Employer Liability

6 February 2017

In 2010 Company Director, Kenneth Thelwall pled guilty to Health & Safety at Work Act breaches following an employee being crushed to death in a metal gate.  Only four years later, Mr Thelwall was in court again after an employee was fatally injured when an 18 metre spider lift he was loading overturned.

Paul Williamson, a father of three had not been adequately trained on the use of ramps, the lorry and the Mobile Elevated Working Platform.  There was no risk assessment and no safe system of work created for the equipment which had only been in use for eight days.  

Mr Williamson operated the machinery above the manufacturer’s specification and as the MEWP was loaded, it toppled off and landed on him.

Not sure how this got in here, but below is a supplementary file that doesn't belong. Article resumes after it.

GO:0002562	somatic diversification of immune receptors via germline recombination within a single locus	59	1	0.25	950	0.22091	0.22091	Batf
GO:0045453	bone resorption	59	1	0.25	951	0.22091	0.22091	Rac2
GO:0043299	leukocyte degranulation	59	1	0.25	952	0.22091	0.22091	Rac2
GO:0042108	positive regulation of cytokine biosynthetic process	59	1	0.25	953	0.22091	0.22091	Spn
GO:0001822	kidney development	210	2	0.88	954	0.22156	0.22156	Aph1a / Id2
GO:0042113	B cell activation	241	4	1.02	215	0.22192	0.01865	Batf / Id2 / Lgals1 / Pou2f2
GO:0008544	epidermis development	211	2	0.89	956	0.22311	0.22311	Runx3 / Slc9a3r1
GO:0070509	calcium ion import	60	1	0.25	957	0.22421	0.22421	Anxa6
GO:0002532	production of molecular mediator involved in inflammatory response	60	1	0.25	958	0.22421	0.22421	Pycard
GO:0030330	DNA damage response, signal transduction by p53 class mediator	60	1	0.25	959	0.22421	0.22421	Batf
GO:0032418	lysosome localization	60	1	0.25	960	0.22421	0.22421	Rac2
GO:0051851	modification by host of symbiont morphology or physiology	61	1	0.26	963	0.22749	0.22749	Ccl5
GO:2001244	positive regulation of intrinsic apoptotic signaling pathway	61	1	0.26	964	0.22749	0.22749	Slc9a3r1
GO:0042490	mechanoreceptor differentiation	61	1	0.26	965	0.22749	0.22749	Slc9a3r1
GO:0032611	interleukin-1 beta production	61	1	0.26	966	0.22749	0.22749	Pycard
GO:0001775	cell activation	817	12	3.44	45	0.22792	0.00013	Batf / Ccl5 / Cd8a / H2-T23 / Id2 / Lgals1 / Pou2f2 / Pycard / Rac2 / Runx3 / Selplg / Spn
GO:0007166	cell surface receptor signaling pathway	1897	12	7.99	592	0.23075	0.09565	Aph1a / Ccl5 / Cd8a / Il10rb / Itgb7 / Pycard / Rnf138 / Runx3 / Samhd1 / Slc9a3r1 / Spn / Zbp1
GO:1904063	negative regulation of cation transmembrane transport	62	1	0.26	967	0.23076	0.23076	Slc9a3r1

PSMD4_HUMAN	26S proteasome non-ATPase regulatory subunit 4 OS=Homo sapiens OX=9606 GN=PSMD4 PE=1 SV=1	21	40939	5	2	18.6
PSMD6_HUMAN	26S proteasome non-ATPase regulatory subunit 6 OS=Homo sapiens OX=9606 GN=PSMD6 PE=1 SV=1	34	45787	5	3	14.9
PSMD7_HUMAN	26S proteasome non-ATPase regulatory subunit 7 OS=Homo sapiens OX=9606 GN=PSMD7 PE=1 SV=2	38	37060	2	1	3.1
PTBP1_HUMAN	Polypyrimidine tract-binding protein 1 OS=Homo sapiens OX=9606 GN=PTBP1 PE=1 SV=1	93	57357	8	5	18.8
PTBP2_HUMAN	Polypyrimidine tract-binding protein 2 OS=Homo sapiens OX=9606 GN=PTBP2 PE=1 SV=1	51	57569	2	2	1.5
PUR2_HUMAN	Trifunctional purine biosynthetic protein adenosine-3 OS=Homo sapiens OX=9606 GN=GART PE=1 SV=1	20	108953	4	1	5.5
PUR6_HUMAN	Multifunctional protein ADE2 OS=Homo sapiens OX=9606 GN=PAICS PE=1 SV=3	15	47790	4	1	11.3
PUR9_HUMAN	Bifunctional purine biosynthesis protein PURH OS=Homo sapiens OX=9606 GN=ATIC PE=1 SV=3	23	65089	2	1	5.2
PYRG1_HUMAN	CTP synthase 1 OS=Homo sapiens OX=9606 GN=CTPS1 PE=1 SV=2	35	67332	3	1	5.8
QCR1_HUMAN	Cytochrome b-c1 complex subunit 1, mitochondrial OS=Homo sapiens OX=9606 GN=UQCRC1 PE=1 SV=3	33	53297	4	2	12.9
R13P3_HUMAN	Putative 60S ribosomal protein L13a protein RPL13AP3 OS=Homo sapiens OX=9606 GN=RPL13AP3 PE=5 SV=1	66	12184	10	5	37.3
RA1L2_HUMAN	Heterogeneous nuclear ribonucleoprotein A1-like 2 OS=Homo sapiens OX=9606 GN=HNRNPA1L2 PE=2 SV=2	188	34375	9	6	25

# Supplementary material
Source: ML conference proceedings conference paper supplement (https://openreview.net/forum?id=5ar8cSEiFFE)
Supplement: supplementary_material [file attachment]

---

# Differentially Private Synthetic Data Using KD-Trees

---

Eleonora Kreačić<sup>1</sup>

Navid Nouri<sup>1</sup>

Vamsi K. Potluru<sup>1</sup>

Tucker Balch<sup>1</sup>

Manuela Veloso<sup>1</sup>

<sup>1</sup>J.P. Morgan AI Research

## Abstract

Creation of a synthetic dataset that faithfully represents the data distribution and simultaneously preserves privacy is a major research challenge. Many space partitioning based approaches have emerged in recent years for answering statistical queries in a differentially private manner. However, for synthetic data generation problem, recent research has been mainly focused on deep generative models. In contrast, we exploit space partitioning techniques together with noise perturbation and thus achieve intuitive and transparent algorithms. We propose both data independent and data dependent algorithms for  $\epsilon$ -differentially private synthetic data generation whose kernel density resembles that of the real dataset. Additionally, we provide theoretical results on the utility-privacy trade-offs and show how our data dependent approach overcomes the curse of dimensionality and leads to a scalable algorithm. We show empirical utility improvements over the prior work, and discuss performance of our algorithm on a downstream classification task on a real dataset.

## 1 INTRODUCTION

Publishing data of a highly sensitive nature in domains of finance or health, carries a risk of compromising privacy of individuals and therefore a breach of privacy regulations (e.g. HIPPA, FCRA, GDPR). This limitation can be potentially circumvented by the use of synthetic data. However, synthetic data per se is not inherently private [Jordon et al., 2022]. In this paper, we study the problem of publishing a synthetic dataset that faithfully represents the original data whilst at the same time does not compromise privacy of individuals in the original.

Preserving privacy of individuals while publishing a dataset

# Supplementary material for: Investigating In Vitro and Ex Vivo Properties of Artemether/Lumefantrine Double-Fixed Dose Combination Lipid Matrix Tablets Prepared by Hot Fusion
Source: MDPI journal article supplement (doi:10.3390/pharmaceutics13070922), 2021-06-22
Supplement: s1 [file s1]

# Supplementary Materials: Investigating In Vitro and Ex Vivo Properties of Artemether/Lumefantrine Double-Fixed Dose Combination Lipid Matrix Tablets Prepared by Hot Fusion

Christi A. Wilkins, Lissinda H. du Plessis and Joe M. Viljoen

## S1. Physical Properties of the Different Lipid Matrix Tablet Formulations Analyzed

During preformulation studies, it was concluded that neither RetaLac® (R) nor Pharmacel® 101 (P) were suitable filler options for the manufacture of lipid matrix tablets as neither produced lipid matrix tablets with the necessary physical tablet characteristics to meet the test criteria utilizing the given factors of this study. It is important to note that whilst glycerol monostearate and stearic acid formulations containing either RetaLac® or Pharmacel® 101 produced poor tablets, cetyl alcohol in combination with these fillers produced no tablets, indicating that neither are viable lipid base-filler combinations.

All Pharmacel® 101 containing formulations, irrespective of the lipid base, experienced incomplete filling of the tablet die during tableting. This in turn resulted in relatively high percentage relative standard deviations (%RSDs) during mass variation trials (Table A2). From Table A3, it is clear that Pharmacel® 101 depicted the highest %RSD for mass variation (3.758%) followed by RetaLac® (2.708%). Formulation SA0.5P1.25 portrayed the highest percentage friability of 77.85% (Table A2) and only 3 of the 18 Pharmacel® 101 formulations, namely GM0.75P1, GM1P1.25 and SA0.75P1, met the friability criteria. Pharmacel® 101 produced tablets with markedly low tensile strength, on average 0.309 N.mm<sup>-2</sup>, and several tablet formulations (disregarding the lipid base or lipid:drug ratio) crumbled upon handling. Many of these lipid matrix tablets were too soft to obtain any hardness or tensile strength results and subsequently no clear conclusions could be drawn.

Mr Thelwall was charged under Section 37 of the Act and sentenced to 12 months in prison, ordered to pay £4,000 and disqualified from being a company director for seven years.

The HSE Inspector stated that Mr Thelwall failed in his duty to protect his workers.  He should have ensure the company provided the right equipment and training, had he done so Mr Williamson would be alive.

This case should act as a stark warning to all company directors of their personal responsibility to protect the health, safety and wellbeing of all employees and the tragic consequences of failure to do so.